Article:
Yoga guru Ramdev turned down on Tuesday the status of a cabinet minister offered to him by the BJP-ruled Haryana government, saying he would rather remain a “fakir” than get drawn into politics.
The Manohar Lal Khattar government announced the upgrade of Ramdev’s status last week, about three months after the controversial yoga teacher, who campaigned for the BJP in the 2014 Lok Sabha polls, was named the state’s brand ambassador to promote yoga and ayurveda.
“For your decision to bestow me with this honour, I thank you (the Haryana government) profusely, but I want to humbly state that I want to serve you by remaining a baba and a fakir,” Ramdev said at a grand ceremony organised by the state government to honour him. “I want to thank you for what you have given me but very respectfully I want to hand it back to you.”
Watch: Baba Ramdev declines Haryana govt's offer of cabinet status, says he is a yogi
Ramdev said he had worked selflessly to realise the mission of making Narendra Modi the country's prime minister by treating it as “rashtra dharma”.
"Now, that the PM is ours, the entire Cabinet is ours, the Haryana CM is ours and his Cabinet is ours, so let baba remain a baba ... I want to serve you like this only (by remaining a baba),” he said. “Service to humanity is my only objective; I'm not looking for any ministerial position or status.”
The status of a cabinet minister did not entitle Ramdev to the salary and allowances payable to a legislator sworn in to that position, but it would have given him got other perks, including a security escort and state guest status at official rest houses.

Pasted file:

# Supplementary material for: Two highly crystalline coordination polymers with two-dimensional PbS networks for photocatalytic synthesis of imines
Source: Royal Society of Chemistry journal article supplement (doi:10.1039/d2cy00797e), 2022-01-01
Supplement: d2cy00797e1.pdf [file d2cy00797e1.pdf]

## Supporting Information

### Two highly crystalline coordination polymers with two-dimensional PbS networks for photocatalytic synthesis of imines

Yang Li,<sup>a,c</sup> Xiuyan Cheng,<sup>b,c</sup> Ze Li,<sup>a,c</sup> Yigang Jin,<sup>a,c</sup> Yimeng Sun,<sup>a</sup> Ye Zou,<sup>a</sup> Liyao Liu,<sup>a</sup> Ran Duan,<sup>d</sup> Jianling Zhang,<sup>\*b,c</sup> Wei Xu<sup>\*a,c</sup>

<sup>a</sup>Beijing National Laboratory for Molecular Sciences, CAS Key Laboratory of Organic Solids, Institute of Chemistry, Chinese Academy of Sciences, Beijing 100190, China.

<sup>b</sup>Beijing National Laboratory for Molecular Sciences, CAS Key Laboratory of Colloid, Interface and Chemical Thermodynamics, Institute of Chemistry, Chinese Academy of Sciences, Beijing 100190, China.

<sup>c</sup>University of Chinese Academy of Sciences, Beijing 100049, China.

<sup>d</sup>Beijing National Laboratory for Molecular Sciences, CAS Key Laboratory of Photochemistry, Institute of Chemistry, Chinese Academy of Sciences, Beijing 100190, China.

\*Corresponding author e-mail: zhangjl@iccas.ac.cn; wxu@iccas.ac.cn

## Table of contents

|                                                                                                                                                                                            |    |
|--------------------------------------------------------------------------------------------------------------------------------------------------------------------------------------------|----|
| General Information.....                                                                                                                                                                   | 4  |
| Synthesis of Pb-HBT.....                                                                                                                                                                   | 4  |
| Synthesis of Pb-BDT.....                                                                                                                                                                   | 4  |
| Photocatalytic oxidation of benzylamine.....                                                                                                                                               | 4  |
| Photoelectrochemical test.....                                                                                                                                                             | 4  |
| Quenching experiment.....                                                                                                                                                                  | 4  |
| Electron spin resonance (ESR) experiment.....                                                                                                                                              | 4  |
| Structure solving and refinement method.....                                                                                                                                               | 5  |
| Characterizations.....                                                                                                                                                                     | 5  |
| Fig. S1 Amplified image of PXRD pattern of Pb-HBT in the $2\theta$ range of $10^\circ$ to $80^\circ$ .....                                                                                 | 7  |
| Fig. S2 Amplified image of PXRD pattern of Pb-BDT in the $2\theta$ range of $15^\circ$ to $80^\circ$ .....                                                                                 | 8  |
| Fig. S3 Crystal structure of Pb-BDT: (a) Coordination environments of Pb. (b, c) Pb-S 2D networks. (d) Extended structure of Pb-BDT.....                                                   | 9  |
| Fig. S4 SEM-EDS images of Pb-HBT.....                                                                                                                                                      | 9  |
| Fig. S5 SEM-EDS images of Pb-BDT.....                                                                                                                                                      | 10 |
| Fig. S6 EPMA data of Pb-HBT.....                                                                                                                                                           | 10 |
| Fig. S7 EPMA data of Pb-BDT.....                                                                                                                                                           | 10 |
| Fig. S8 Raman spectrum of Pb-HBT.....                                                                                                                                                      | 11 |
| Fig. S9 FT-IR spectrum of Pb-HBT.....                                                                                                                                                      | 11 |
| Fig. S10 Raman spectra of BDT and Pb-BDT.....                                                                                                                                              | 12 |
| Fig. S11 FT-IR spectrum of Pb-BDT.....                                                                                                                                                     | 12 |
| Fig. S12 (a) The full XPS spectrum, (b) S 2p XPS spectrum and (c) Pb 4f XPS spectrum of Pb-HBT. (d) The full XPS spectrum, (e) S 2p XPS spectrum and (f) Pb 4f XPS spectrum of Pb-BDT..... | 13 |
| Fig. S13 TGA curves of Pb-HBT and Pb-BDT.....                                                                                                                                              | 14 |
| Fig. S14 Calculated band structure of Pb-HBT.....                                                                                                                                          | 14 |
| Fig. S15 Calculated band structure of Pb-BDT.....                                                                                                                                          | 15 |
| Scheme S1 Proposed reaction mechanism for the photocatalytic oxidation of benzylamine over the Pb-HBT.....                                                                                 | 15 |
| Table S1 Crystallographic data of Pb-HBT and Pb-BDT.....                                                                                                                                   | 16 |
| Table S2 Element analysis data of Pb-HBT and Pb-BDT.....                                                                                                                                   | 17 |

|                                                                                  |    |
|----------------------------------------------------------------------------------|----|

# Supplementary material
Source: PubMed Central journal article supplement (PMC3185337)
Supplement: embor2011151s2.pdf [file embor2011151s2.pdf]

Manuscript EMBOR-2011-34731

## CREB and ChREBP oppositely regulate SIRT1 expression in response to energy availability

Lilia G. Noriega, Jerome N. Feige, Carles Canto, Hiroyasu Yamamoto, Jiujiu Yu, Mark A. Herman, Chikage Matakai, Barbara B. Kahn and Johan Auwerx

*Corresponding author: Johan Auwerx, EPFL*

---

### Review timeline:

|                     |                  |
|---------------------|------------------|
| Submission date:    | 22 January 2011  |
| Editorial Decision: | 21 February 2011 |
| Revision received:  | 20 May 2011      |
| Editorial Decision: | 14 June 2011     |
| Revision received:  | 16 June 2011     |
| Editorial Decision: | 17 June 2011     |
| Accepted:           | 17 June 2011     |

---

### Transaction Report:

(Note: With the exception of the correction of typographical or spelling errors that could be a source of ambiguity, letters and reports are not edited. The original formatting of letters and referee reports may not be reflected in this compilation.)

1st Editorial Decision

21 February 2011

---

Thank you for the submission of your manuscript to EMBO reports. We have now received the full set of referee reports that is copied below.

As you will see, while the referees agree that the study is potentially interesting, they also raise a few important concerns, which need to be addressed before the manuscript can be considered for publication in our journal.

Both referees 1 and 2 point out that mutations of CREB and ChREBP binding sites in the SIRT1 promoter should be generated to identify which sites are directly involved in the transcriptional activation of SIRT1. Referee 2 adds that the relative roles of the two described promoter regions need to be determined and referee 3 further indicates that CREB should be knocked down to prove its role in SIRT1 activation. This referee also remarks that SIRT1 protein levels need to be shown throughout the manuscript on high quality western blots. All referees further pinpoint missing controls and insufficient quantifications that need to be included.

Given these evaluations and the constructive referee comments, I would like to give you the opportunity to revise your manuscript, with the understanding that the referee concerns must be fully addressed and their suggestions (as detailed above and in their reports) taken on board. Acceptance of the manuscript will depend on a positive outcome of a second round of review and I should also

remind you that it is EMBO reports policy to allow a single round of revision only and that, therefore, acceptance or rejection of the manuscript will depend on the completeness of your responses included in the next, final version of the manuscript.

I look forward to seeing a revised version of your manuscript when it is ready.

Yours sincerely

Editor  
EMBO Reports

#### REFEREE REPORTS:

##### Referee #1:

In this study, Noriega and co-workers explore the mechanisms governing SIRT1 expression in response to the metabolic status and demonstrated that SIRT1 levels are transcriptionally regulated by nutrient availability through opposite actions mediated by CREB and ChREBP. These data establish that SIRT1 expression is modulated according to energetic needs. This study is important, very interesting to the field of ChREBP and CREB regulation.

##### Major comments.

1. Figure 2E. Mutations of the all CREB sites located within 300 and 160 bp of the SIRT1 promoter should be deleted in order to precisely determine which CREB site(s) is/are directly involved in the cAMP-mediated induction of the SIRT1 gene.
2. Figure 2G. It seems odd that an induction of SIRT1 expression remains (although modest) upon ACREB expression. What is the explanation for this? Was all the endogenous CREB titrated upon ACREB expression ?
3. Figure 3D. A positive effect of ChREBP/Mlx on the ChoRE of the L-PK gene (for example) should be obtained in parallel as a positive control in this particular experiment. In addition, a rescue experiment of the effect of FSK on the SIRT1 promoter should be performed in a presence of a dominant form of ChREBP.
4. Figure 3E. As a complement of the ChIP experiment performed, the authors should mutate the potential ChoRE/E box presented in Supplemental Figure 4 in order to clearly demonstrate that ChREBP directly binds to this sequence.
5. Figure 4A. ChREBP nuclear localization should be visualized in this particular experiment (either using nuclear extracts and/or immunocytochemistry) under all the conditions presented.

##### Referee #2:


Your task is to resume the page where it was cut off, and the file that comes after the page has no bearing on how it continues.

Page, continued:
Ramdev, who leapt into the limelight with his brand of televised yoga and a multi-crore business empire selling ayurvedic products, is no stranger to controversy. His appointment as Haryana’s brand ambassador sparked angry reactions in the state assembly, with the Congress saying the BJP government was going out of its way to please him.
Critics accuse the ruling BJP of pursuing a saffronisation programme in the state with its moves to push the Bhagwad Gita in schools, teach yoga and ban cow slaughter while allowing right-wing representatives like Ramdev and RSS ideologue Dinanath Batra to set the agenda.
Ramdev had faced flak for his views on homosexuality, which he describes as a curable mental illness, but his attempts to champion a fight against black money and a movement to promote Hindu heritage have seen massive support.
(With agency inputs)